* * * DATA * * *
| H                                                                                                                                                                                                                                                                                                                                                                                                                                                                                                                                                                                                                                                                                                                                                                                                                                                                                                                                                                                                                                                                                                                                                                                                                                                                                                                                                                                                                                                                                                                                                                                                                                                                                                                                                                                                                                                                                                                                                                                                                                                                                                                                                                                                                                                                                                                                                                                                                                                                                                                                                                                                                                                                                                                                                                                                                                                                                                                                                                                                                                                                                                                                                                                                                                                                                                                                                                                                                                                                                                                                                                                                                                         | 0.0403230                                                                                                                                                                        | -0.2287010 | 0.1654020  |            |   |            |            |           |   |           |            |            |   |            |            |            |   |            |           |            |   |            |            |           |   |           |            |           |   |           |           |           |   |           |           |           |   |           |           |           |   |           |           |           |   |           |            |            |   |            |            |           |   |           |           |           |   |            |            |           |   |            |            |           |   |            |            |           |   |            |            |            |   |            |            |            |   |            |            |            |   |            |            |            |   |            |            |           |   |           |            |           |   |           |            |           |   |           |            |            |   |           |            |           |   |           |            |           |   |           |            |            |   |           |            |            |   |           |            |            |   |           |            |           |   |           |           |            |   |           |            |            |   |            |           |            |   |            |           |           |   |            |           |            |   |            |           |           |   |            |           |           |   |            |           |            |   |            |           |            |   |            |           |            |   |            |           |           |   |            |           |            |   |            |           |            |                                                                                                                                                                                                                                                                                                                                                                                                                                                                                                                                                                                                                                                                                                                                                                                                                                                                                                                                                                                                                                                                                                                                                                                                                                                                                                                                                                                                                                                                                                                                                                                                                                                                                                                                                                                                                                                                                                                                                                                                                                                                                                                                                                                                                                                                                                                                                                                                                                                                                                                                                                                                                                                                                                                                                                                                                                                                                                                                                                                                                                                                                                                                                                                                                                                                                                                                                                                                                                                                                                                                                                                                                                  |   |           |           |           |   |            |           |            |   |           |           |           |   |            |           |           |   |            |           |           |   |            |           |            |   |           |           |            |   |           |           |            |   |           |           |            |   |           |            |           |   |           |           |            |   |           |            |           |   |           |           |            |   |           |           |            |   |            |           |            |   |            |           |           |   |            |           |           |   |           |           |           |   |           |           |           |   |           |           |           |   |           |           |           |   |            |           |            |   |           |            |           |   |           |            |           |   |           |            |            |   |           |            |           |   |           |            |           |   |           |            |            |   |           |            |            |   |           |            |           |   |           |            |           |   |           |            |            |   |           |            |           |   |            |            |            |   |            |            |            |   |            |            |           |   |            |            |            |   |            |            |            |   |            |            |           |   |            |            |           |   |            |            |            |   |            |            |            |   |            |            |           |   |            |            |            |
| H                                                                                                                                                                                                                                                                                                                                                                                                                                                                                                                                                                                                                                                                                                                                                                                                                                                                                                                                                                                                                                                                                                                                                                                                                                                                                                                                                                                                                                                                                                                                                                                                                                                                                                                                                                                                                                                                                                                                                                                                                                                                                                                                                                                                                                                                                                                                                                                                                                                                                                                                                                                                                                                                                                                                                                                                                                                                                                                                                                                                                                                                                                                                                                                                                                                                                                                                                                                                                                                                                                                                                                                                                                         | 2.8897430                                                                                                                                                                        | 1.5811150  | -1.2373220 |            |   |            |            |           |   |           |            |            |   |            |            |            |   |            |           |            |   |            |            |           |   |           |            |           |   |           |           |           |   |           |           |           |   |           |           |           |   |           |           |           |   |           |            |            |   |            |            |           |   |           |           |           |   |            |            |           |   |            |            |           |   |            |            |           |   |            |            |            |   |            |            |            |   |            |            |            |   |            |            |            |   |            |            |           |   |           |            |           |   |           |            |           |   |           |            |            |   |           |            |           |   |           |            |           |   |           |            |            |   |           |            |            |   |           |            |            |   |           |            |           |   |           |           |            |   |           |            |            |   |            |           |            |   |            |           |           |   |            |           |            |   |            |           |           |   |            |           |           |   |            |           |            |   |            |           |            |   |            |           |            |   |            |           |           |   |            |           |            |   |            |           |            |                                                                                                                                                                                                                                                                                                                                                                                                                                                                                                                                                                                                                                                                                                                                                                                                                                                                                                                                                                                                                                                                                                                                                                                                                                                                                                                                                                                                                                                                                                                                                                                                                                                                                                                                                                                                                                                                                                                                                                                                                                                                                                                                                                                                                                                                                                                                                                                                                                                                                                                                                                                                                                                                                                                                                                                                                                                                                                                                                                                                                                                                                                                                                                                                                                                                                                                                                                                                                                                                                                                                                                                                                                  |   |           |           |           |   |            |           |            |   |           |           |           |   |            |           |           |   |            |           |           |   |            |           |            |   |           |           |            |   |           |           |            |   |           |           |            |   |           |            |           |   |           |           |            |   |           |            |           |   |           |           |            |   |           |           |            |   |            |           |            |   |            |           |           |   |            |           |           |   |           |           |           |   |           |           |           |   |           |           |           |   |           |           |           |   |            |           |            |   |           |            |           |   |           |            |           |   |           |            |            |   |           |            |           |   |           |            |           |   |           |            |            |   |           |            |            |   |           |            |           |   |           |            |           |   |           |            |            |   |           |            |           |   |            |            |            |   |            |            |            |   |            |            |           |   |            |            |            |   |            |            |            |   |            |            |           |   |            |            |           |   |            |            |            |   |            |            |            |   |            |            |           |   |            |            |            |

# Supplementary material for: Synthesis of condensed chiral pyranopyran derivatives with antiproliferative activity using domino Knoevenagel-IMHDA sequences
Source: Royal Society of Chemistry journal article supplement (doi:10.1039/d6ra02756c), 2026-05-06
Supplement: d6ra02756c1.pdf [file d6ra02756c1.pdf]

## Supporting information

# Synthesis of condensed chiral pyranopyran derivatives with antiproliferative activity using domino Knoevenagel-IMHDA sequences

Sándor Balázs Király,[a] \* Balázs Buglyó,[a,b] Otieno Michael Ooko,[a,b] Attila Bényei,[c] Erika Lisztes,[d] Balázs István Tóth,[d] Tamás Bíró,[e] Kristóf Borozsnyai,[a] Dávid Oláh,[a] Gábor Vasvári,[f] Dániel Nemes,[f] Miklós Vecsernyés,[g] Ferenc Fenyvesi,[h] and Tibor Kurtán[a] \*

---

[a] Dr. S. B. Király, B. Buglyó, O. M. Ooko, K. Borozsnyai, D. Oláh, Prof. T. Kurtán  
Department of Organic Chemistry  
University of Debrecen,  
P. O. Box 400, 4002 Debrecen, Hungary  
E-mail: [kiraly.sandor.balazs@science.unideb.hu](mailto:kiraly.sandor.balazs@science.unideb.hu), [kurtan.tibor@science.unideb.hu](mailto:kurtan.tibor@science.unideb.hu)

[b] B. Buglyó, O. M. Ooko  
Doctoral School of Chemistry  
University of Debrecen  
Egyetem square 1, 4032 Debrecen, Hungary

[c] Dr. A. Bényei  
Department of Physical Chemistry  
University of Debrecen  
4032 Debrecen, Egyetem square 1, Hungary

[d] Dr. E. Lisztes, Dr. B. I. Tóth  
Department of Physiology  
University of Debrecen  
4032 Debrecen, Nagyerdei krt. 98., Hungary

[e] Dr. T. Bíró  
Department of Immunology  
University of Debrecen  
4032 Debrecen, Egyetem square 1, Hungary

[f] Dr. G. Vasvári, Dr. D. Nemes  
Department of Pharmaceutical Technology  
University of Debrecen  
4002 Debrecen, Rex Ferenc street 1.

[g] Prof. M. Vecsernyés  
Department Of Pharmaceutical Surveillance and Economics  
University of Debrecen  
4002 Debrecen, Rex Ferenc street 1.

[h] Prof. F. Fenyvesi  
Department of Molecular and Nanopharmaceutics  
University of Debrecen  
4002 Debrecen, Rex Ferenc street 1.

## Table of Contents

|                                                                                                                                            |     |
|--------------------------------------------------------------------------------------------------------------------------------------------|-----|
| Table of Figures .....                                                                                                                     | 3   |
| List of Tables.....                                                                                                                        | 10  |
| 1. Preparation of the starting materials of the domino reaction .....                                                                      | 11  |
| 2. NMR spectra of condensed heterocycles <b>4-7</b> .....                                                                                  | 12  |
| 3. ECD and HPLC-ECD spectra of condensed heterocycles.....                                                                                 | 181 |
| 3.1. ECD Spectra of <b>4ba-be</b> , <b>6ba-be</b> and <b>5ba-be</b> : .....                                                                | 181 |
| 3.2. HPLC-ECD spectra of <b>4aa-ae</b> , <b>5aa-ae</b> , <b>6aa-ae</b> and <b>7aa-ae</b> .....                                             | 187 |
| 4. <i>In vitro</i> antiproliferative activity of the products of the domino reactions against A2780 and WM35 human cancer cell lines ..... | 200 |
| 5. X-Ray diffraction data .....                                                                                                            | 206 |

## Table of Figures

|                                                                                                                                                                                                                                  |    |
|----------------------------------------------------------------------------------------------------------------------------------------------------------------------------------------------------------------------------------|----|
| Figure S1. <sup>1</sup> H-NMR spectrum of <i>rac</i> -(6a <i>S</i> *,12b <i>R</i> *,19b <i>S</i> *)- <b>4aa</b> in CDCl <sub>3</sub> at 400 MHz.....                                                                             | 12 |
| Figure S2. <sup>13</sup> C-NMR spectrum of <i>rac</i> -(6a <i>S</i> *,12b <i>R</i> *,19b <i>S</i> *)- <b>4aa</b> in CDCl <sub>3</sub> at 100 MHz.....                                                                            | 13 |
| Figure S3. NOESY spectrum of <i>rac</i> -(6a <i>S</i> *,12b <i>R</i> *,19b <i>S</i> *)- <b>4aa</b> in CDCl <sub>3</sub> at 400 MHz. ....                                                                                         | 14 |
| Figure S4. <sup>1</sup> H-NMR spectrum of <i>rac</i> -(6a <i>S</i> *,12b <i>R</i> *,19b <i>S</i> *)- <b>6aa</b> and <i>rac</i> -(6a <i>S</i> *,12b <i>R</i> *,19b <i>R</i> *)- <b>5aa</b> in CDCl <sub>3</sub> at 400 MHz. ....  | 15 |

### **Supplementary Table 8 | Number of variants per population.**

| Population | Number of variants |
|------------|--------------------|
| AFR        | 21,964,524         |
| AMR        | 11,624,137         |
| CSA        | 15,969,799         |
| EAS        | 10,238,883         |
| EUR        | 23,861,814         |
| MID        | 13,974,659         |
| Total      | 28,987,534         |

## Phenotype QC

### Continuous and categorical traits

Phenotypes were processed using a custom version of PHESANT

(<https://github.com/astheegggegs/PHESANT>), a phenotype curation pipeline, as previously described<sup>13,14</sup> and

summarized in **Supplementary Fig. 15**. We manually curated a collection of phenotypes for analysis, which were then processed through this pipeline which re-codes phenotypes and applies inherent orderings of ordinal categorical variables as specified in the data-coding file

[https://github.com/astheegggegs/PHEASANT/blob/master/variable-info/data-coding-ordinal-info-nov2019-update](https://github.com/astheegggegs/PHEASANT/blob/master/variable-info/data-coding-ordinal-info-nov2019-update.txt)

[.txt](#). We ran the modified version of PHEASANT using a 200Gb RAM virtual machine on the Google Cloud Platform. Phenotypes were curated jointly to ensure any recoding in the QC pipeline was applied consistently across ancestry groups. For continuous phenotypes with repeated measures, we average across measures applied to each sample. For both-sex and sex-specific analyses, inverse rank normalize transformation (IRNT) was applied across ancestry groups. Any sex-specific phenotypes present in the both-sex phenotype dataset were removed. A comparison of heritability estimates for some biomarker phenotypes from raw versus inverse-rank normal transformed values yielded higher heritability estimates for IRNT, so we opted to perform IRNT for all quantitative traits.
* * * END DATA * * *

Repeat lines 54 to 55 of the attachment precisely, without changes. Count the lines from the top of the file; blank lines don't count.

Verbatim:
| 5. X-Ray diffraction data .....                                                                                                            | 206 |

## Table of Figures